Oakley-class lifeboat

37-02 Manchester Unity of Oddfellows
Class overview
Builders: J.Samuel White
Operators: Royal National Lifeboat Institution
Preceded by:
Succeeded by: ,
Cost: £32,000
Built: 1958–1971
In service: 1958–1993
Completed: 31
Retired: 31
Preserved: 10
General characteristics
Displacement: 30 long tons (30 t)
Length: 37 ft (11 m)and 48 ft 6 in (14.78 m)
Beam: 11 ft 6 in (3.51 m)and 14 ft 0 in (4.27 m)
Draught: 3 ft 4 in (1.02 m)and 4 ft 4 in (1.32 m)
Propulsion: Two diesel engines (various types)
Speed: 8 knots (9.2 mph; 15 km/h)
Complement: 7

The Oakley class lifeboat was a self-righting lifeboat operated by the Royal National Lifeboat Institution around the coasts of the United Kingdom and Ireland between 1958 and 1993. During this time they saved a combined total of 1,456 lives in 3,734 rescue launches.

The class is known by the name of its designer, Richard A. Oakley.


During the first half of the twentieth century the RNLI had equipped its lifeboat stations with motor lifeboats designed by G L Watson and, later, J R Barnett. Both these men had designed boats that were generally stable, but unlike the earlier boats, were not self-righting. Part of the problem was that motor lifeboats were much heavier than 'pulling and sailing' boats which could be packed with cork to make them buoyant. Richard Oakley worked out how to use shifting water ballast to create a self-righting motor lifeboat.[1][2]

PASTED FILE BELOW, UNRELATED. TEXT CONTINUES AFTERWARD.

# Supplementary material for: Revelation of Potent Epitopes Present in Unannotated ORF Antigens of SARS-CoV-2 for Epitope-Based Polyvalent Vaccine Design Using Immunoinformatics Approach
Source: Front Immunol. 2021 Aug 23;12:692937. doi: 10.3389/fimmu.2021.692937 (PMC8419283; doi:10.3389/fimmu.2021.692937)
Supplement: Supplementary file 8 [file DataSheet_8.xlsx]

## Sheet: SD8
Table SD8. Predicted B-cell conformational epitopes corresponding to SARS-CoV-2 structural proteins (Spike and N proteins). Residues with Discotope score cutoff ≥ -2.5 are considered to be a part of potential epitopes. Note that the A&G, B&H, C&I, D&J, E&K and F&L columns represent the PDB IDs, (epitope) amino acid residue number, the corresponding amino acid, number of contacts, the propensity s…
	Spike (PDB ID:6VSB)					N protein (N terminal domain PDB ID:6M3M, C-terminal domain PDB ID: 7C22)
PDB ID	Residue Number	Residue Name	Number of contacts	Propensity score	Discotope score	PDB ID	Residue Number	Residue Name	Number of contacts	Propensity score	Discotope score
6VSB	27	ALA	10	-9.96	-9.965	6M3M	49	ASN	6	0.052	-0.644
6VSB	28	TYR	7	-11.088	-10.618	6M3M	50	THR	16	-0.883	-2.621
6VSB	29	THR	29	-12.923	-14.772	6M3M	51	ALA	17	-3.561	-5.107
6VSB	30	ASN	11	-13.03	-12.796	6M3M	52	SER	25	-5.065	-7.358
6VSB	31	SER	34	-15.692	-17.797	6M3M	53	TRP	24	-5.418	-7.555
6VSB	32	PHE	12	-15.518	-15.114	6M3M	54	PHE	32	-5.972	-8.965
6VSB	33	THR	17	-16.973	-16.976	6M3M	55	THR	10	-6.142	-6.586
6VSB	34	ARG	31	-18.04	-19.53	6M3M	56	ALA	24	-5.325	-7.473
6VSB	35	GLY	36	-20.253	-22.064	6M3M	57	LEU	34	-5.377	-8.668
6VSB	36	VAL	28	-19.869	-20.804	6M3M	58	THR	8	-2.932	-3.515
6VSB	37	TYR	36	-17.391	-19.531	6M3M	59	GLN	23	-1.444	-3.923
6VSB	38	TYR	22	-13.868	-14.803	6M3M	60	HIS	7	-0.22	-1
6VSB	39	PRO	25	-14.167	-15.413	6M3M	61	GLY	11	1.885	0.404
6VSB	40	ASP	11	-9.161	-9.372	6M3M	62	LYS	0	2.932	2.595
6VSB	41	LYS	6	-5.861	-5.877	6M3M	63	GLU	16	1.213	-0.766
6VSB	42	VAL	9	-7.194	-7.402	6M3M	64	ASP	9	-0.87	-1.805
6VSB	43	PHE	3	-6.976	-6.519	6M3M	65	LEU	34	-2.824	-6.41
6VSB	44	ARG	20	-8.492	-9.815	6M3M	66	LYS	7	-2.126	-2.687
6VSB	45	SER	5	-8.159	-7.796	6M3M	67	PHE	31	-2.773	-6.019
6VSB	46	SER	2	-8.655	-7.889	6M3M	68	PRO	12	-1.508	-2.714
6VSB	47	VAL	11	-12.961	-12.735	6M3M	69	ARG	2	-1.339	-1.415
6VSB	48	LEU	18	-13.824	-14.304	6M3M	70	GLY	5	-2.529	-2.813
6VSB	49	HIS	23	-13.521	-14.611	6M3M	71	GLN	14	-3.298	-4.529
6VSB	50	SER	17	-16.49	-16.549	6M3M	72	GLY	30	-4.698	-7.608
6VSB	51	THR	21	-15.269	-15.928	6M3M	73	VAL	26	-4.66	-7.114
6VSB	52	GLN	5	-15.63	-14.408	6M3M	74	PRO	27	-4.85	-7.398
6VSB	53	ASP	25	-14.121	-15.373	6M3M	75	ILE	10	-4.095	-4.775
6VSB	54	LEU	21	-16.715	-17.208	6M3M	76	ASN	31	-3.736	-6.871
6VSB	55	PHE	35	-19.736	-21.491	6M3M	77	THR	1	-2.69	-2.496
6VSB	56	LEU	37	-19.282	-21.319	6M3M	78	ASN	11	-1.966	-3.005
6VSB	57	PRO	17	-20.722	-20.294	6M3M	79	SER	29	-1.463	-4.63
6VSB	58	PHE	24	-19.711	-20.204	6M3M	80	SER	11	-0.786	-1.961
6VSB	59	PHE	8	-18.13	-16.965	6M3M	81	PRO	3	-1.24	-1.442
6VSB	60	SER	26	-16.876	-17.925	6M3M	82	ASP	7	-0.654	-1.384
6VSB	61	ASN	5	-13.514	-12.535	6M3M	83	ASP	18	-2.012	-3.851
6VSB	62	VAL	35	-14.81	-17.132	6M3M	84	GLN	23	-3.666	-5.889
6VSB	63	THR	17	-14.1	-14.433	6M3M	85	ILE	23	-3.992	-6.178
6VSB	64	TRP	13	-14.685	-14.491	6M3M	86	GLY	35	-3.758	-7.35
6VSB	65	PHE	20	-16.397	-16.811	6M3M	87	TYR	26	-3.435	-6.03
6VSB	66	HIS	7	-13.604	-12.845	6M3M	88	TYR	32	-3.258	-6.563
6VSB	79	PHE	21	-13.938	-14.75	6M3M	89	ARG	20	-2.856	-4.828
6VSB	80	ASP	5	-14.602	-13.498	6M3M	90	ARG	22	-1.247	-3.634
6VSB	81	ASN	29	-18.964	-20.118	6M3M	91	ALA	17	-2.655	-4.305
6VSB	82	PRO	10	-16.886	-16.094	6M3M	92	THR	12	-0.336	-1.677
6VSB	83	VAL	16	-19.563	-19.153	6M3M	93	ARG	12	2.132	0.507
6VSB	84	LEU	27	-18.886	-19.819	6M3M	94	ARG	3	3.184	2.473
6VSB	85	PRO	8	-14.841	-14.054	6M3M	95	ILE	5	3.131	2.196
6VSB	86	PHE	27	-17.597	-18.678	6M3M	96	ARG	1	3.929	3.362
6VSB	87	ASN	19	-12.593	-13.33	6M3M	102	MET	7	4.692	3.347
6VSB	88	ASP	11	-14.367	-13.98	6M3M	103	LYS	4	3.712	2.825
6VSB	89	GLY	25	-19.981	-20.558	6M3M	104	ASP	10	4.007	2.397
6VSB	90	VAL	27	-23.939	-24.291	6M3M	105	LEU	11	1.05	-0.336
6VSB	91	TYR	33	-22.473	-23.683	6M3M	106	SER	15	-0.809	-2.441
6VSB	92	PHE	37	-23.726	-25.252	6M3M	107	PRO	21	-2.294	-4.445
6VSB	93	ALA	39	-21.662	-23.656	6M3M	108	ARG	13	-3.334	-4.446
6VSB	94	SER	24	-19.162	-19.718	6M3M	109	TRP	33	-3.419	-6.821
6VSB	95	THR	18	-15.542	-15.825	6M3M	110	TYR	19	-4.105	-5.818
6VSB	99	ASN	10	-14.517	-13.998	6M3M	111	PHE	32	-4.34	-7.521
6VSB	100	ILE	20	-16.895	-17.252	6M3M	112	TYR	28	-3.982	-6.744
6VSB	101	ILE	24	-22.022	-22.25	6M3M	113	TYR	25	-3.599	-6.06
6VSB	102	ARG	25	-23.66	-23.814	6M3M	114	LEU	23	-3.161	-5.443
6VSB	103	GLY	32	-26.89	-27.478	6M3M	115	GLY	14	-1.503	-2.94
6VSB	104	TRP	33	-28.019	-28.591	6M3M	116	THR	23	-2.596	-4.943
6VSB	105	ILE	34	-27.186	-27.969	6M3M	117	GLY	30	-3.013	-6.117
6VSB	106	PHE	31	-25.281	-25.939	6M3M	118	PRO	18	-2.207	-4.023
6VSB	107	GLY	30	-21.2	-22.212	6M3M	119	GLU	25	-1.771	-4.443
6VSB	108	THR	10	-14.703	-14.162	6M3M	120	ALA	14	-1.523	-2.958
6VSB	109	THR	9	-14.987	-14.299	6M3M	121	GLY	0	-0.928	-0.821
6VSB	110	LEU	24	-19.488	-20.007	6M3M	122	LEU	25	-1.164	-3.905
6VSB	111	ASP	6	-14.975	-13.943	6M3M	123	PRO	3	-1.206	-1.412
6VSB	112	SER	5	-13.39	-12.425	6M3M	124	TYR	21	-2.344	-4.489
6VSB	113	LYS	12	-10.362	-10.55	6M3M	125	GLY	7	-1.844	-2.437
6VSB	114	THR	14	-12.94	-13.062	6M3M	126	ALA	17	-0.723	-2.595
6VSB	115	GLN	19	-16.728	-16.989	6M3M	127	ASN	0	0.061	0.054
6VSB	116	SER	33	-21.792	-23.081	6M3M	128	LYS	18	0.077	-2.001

Oakley's 37-foot (11 m) prototype was launched in 1958 and placed in service at . Production boats started to be built in 1961 and in 1963 the prototype 48-foot-6-inch (14.78 m) boat was launched and sent to . The last was built in 1960 and the final in 1963, after which Oakleys were the only all-weather lifeboats put into service for the next eight years.[3]


The Oakley was designed as a self-righting boat. The design combined great stability with the ability to self-right in the event of it capsizing. This was achieved by a system of shifting water ballast. The system worked by the lifeboat taking on one and half tons of sea water at launching in to a tank built into the base of the hull. If the lifeboat then reached a crucial point of capsize the ballast water would transfer through valves to a righting tank built into the port side. If the capsize was to the starboard side of the lifeboat, the water shift started when an angle of 165° was reached. This would push the boat into completing a full 360° roll. If the capsize was to the port side, the water transfer started at 110°. In this case the weight of water combined with the weight of machinery aboard the lifeboat usually managed to stop the roll and allow the lifeboat to bounce back to upright. The water was discharged from the tank when the ship was taken out of the sea after each launch. A problem emerged with damp sand left in the tank after the water was drained. This caused a weak electrolytic action that eroded the copper nails which held the wooden hulls together.[4]